A new scientific study done by the Ames-based Council for Agricultural Science and Tech­nology (CAST) says there is no science-based reason to single out foods made with genetically modified organisms (GMOs) and that mandatory labeling of biotech foods would unfairly stigmatize them in the marketplace and could raise food costs.

The paper’s authors, chaired by Alison Van Eenennaam of the University of California-Davis, wrote that all domesticated crops and animals have been genetically modified in some way. And they concluded that wide-ranging evidence shows that foods made with genetic engineering (GE) technology are equally safe to conventional breeding.

Because there is no material difference in composition and safety of the foods made with biotech crops, the science of food safety does not support a mandatory process-based labeling, the authors wrote. They also note that the Food and Drug Administration (FDA) has long held that there is no basis for finding that GE foods are different than foods made from crops that are developed without the technology.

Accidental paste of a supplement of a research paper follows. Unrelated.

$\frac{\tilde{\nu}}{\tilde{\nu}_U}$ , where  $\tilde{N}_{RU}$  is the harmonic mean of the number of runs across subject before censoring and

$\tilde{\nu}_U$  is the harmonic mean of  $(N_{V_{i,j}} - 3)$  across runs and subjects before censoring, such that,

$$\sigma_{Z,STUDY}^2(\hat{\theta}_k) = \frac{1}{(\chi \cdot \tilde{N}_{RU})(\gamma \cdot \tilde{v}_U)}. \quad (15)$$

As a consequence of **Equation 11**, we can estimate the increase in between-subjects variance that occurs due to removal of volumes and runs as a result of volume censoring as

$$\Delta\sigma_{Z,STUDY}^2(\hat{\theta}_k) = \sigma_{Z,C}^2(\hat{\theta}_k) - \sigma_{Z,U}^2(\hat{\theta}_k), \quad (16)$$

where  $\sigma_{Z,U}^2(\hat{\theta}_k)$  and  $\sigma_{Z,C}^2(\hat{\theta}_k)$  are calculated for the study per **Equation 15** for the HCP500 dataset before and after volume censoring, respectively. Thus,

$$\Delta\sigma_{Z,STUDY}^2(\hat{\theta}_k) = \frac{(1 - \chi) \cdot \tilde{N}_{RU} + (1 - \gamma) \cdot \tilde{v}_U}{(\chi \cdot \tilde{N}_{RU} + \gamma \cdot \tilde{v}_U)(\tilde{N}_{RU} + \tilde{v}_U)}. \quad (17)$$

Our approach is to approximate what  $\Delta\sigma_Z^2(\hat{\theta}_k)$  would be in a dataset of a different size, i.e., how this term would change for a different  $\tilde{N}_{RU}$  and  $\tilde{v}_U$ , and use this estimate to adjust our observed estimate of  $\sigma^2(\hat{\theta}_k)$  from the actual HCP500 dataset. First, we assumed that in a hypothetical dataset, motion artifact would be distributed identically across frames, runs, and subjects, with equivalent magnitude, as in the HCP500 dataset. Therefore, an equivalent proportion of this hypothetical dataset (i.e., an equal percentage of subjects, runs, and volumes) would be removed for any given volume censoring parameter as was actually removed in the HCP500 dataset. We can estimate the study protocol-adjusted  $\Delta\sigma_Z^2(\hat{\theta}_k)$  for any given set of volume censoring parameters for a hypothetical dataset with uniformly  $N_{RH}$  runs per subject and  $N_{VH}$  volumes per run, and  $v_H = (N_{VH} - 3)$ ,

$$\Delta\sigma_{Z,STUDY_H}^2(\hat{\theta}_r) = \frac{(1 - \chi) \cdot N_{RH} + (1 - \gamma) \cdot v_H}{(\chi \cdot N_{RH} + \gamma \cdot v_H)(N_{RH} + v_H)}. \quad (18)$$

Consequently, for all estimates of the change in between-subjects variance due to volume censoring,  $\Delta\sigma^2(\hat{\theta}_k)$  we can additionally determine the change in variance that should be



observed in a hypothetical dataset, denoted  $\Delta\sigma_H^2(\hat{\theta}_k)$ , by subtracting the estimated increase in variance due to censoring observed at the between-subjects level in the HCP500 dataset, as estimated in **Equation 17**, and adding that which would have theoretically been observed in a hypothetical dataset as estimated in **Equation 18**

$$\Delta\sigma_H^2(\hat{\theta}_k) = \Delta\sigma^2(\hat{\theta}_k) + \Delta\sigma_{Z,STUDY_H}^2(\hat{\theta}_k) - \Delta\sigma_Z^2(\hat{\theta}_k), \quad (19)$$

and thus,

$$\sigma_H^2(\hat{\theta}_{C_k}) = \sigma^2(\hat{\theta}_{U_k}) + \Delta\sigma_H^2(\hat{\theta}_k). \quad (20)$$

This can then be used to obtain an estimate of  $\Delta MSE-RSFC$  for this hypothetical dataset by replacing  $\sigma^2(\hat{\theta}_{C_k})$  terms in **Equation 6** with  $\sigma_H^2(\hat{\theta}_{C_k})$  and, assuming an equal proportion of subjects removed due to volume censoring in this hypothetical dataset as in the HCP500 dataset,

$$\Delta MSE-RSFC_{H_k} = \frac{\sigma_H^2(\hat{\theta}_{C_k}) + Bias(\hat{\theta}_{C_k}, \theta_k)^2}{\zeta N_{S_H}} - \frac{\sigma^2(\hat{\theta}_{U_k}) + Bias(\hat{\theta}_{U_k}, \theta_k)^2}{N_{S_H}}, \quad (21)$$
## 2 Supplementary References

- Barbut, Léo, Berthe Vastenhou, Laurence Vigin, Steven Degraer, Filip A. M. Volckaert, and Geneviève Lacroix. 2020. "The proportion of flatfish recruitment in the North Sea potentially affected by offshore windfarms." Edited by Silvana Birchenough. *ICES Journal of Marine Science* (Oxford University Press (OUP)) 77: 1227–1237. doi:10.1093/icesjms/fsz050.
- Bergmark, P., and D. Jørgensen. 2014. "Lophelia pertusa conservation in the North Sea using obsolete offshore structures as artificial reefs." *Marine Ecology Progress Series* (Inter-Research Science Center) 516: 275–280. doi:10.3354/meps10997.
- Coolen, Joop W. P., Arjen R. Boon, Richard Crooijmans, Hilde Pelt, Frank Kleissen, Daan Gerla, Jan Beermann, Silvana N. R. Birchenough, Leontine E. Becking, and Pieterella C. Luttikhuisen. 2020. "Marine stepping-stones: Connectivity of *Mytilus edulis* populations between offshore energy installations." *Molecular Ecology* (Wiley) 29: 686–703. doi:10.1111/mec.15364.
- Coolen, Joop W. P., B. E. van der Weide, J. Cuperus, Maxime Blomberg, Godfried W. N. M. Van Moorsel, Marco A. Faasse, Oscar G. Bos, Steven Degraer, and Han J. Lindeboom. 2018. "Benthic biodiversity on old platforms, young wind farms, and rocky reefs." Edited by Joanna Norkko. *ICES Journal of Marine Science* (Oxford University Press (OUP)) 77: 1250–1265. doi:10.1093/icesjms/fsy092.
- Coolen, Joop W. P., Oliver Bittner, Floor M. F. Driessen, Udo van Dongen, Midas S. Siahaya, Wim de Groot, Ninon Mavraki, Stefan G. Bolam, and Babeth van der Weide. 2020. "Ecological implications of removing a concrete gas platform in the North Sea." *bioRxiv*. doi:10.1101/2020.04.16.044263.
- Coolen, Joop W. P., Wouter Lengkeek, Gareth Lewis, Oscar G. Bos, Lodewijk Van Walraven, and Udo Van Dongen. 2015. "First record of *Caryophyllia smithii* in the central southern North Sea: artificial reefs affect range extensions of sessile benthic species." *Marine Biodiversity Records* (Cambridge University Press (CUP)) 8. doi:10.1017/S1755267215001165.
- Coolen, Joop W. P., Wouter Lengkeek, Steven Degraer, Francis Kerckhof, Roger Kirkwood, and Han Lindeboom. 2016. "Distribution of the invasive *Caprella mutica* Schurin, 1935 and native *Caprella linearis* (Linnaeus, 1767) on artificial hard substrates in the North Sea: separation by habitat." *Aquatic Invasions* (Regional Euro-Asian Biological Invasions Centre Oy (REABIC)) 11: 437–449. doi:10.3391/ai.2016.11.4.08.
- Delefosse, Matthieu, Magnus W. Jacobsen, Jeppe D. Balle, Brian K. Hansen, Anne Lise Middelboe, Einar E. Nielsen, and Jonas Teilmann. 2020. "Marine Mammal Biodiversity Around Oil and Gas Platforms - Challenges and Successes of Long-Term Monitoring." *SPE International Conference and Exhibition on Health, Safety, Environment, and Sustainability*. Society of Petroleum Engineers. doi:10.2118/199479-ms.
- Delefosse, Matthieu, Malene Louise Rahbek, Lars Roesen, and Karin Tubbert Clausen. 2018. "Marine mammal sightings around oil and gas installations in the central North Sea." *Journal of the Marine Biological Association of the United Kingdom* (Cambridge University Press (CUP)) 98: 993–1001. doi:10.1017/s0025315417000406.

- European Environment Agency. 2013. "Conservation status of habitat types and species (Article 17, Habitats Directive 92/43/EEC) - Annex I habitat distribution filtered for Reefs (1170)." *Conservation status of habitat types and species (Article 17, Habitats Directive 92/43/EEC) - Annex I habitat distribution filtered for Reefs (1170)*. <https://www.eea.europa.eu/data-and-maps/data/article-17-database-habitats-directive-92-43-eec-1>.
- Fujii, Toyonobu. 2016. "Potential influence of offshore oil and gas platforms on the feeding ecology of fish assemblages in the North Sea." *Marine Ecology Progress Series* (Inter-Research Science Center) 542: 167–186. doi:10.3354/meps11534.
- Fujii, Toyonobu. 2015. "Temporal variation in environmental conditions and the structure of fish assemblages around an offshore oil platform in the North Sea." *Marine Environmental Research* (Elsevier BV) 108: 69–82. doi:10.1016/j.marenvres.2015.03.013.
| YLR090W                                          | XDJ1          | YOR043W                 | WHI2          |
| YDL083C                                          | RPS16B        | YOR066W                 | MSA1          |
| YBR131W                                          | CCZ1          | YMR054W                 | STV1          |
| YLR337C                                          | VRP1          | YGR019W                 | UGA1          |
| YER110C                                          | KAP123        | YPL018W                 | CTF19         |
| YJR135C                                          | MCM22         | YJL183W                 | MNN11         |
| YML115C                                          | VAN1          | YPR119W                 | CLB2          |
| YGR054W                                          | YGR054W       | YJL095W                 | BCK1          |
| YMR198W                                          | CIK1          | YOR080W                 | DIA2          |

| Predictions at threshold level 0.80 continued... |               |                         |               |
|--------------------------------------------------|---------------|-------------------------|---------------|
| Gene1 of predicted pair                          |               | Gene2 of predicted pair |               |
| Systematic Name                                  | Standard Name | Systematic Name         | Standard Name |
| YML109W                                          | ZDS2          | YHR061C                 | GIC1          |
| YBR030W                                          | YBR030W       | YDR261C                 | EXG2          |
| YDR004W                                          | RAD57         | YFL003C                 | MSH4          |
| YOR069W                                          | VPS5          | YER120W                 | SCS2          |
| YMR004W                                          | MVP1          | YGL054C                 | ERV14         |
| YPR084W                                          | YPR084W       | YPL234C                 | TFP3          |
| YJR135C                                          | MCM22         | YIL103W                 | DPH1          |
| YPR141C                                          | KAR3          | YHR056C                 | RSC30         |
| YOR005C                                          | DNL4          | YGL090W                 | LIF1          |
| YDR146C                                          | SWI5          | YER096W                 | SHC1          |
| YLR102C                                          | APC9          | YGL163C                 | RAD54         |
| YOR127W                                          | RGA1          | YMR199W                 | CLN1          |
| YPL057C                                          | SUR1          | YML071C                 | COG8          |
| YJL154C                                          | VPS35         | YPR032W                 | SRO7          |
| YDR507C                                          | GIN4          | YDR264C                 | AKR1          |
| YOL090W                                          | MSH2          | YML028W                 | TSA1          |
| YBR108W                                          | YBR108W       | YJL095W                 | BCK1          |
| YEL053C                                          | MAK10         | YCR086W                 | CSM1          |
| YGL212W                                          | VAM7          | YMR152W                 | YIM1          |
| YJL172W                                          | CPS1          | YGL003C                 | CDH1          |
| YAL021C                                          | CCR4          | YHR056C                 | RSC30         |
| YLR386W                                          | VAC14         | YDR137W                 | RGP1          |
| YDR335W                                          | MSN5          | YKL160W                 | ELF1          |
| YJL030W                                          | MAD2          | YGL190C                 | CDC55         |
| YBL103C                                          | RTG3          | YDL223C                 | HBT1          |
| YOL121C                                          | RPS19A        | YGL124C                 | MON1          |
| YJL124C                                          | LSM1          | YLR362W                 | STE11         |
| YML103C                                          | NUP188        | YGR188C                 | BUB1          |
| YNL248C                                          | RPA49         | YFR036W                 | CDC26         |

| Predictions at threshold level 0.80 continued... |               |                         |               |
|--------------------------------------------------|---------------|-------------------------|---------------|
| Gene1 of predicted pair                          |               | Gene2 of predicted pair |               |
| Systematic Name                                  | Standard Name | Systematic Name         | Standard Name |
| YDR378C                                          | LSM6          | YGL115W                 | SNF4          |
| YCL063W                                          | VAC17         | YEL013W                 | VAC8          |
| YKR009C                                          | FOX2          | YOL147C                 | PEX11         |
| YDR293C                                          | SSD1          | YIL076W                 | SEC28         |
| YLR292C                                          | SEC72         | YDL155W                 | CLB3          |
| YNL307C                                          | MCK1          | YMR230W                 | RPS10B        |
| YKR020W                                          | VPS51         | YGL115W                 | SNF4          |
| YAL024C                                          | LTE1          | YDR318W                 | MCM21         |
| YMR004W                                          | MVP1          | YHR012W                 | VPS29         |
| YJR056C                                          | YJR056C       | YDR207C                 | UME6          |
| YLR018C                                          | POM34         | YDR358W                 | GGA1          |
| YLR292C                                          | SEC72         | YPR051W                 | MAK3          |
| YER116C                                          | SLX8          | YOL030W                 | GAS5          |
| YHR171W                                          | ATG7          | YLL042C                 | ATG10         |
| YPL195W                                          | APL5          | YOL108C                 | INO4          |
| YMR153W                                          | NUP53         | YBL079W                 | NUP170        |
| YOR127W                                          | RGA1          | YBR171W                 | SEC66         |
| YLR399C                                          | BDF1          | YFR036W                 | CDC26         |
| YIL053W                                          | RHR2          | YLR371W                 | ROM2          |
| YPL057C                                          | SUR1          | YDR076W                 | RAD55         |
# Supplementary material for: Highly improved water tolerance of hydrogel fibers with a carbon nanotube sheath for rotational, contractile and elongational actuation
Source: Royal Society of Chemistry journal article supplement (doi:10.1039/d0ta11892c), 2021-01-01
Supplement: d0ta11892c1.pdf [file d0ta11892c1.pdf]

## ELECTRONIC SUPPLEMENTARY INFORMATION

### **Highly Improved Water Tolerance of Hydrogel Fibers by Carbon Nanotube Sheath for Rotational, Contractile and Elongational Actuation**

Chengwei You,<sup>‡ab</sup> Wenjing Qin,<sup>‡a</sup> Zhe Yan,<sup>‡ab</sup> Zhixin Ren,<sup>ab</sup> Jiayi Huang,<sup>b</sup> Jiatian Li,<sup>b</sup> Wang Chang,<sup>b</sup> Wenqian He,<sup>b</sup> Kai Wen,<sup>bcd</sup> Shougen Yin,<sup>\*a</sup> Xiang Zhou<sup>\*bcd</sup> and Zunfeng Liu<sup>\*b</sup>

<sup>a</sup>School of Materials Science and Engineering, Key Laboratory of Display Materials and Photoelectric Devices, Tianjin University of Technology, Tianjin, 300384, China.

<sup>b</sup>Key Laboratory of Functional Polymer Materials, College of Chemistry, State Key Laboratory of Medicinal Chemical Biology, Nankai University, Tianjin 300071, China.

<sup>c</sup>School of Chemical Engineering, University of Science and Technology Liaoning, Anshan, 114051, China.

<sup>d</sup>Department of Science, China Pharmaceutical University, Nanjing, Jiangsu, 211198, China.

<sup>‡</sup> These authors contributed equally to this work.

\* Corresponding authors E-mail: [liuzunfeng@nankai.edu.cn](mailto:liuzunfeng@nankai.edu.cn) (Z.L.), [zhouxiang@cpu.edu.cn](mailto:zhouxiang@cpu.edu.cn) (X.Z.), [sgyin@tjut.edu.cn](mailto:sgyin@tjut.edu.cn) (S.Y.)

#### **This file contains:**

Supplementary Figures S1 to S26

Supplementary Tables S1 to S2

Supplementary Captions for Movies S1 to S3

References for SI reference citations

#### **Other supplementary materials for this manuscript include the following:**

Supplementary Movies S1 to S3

In addition, the authors note, voluntary labeling currently provides choices of non-GMO foods for consumers.

Mandatory labeling could also raise food costs because it may force some food manufacturers to abandon biotech crops in their ingredients. The higher costs, the paper says, would likely hit poor consumers the hardest because they spend a larger proportion of their income on food.

A patchwork of laws

The CAST paper also cites the issues raised by state-by-state labeling laws, which could create a patchwork of laws that would be difficult for food companies and are likely to be challenged in court. Vermont recently passed a law to require labeling of food made with GMO products, and legislation and ballot initiatives are being considered in other states.

Farm Bureau has backed an effort in Congress that calls for a voluntary labeling plan and makes the FDA the nation’s foremost authority on the use and labeling of foods.

"The GMO labeling ballot initiatives and legislative efforts that many state lawmakers and voters are facing are geared toward making people wrongly fear what they’re eating and feeding their children," said American Farm Bureau Federation President Bob Stallman. "They undermine the public’s understanding of the many benefits of biotechnology in feeding a growing population — and keeping costs down."